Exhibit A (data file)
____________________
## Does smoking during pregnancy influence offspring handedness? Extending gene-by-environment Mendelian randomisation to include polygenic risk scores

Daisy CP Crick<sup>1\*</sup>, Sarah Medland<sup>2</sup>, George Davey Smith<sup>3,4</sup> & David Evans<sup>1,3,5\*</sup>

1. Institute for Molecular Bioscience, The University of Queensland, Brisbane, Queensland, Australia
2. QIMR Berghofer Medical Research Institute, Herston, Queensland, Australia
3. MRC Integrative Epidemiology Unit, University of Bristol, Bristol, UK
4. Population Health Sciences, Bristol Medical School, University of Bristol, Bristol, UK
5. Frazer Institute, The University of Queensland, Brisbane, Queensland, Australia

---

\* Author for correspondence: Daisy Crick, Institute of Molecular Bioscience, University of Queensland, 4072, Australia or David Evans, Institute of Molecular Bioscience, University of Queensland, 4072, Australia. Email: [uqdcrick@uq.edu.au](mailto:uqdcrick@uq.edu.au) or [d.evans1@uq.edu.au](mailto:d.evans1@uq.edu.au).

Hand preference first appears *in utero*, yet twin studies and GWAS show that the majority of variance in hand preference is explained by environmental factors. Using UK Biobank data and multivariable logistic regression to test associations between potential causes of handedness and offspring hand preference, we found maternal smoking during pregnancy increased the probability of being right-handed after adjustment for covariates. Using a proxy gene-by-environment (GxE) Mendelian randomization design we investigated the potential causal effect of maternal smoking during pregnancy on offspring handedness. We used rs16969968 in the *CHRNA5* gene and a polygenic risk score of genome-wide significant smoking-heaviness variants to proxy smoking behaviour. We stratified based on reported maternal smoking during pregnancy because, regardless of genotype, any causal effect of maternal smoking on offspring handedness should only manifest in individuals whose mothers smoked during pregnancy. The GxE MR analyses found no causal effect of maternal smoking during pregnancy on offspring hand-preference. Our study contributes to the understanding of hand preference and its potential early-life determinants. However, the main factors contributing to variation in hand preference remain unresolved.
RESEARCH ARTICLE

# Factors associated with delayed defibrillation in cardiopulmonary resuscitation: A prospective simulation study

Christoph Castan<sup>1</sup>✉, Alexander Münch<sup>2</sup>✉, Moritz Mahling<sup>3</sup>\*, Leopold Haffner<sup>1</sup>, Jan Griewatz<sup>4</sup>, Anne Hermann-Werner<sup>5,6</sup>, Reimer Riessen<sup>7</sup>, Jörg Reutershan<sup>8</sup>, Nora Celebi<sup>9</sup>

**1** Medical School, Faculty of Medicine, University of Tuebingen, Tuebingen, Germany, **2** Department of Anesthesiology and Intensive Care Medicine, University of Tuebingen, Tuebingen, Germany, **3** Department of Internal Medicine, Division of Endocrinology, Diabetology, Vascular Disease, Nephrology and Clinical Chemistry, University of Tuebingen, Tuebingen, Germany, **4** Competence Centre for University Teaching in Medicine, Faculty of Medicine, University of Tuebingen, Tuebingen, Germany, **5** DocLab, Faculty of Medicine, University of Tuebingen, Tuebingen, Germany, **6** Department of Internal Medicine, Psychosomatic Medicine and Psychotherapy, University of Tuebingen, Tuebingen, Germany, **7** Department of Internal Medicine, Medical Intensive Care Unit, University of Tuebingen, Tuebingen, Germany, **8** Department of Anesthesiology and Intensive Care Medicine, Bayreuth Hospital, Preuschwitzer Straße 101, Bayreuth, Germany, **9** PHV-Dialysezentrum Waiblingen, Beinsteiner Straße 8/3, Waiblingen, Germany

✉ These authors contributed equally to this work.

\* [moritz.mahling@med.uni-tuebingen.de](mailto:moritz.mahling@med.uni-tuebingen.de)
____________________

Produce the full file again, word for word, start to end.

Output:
## Does smoking during pregnancy influence offspring handedness? Extending gene-by-environment Mendelian randomisation to include polygenic risk scores

Daisy CP Crick<sup>1\*</sup>, Sarah Medland<sup>2</sup>, George Davey Smith<sup>3,4</sup> & David Evans<sup>1,3,5\*</sup>

1. Institute for Molecular Bioscience, The University of Queensland, Brisbane, Queensland, Australia
2. QIMR Berghofer Medical Research Institute, Herston, Queensland, Australia
3. MRC Integrative Epidemiology Unit, University of Bristol, Bristol, UK
4. Population Health Sciences, Bristol Medical School, University of Bristol, Bristol, UK
5. Frazer Institute, The University of Queensland, Brisbane, Queensland, Australia

---

\* Author for correspondence: Daisy Crick, Institute of Molecular Bioscience, University of Queensland, 4072, Australia or David Evans, Institute of Molecular Bioscience, University of Queensland, 4072, Australia. Email: [uqdcrick@uq.edu.au](mailto:uqdcrick@uq.edu.au) or [d.evans1@uq.edu.au](mailto:d.evans1@uq.edu.au).

Hand preference first appears *in utero*, yet twin studies and GWAS show that the majority of variance in hand preference is explained by environmental factors. Using UK Biobank data and multivariable logistic regression to test associations between potential causes of handedness and offspring hand preference, we found maternal smoking during pregnancy increased the probability of being right-handed after adjustment for covariates. Using a proxy gene-by-environment (GxE) Mendelian randomization design we investigated the potential causal effect of maternal smoking during pregnancy on offspring handedness. We used rs16969968 in the *CHRNA5* gene and a polygenic risk score of genome-wide significant smoking-heaviness variants to proxy smoking behaviour. We stratified based on reported maternal smoking during pregnancy because, regardless of genotype, any causal effect of maternal smoking on offspring handedness should only manifest in individuals whose mothers smoked during pregnancy. The GxE MR analyses found no causal effect of maternal smoking during pregnancy on offspring hand-preference. Our study contributes to the understanding of hand preference and its potential early-life determinants. However, the main factors contributing to variation in hand preference remain unresolved.
RESEARCH ARTICLE

# Factors associated with delayed defibrillation in cardiopulmonary resuscitation: A prospective simulation study

Christoph Castan<sup>1</sup>✉, Alexander Münch<sup>2</sup>✉, Moritz Mahling<sup>3</sup>\*, Leopold Haffner<sup>1</sup>, Jan Griewatz<sup>4</sup>, Anne Hermann-Werner<sup>5,6</sup>, Reimer Riessen<sup>7</sup>, Jörg Reutershan<sup>8</sup>, Nora Celebi<sup>9</sup>

**1** Medical School, Faculty of Medicine, University of Tuebingen, Tuebingen, Germany, **2** Department of Anesthesiology and Intensive Care Medicine, University of Tuebingen, Tuebingen, Germany, **3** Department of Internal Medicine, Division of Endocrinology, Diabetology, Vascular Disease, Nephrology and Clinical Chemistry, University of Tuebingen, Tuebingen, Germany, **4** Competence Centre for University Teaching in Medicine, Faculty of Medicine, University of Tuebingen, Tuebingen, Germany, **5** DocLab, Faculty of Medicine, University of Tuebingen, Tuebingen, Germany, **6** Department of Internal Medicine, Psychosomatic Medicine and Psychotherapy, University of Tuebingen, Tuebingen, Germany, **7** Department of Internal Medicine, Medical Intensive Care Unit, University of Tuebingen, Tuebingen, Germany, **8** Department of Anesthesiology and Intensive Care Medicine, Bayreuth Hospital, Preuschwitzer Straße 101, Bayreuth, Germany, **9** PHV-Dialysezentrum Waiblingen, Beinsteiner Straße 8/3, Waiblingen, Germany

✉ These authors contributed equally to this work.

\* [moritz.mahling@med.uni-tuebingen.de](mailto:moritz.mahling@med.uni-tuebingen.de)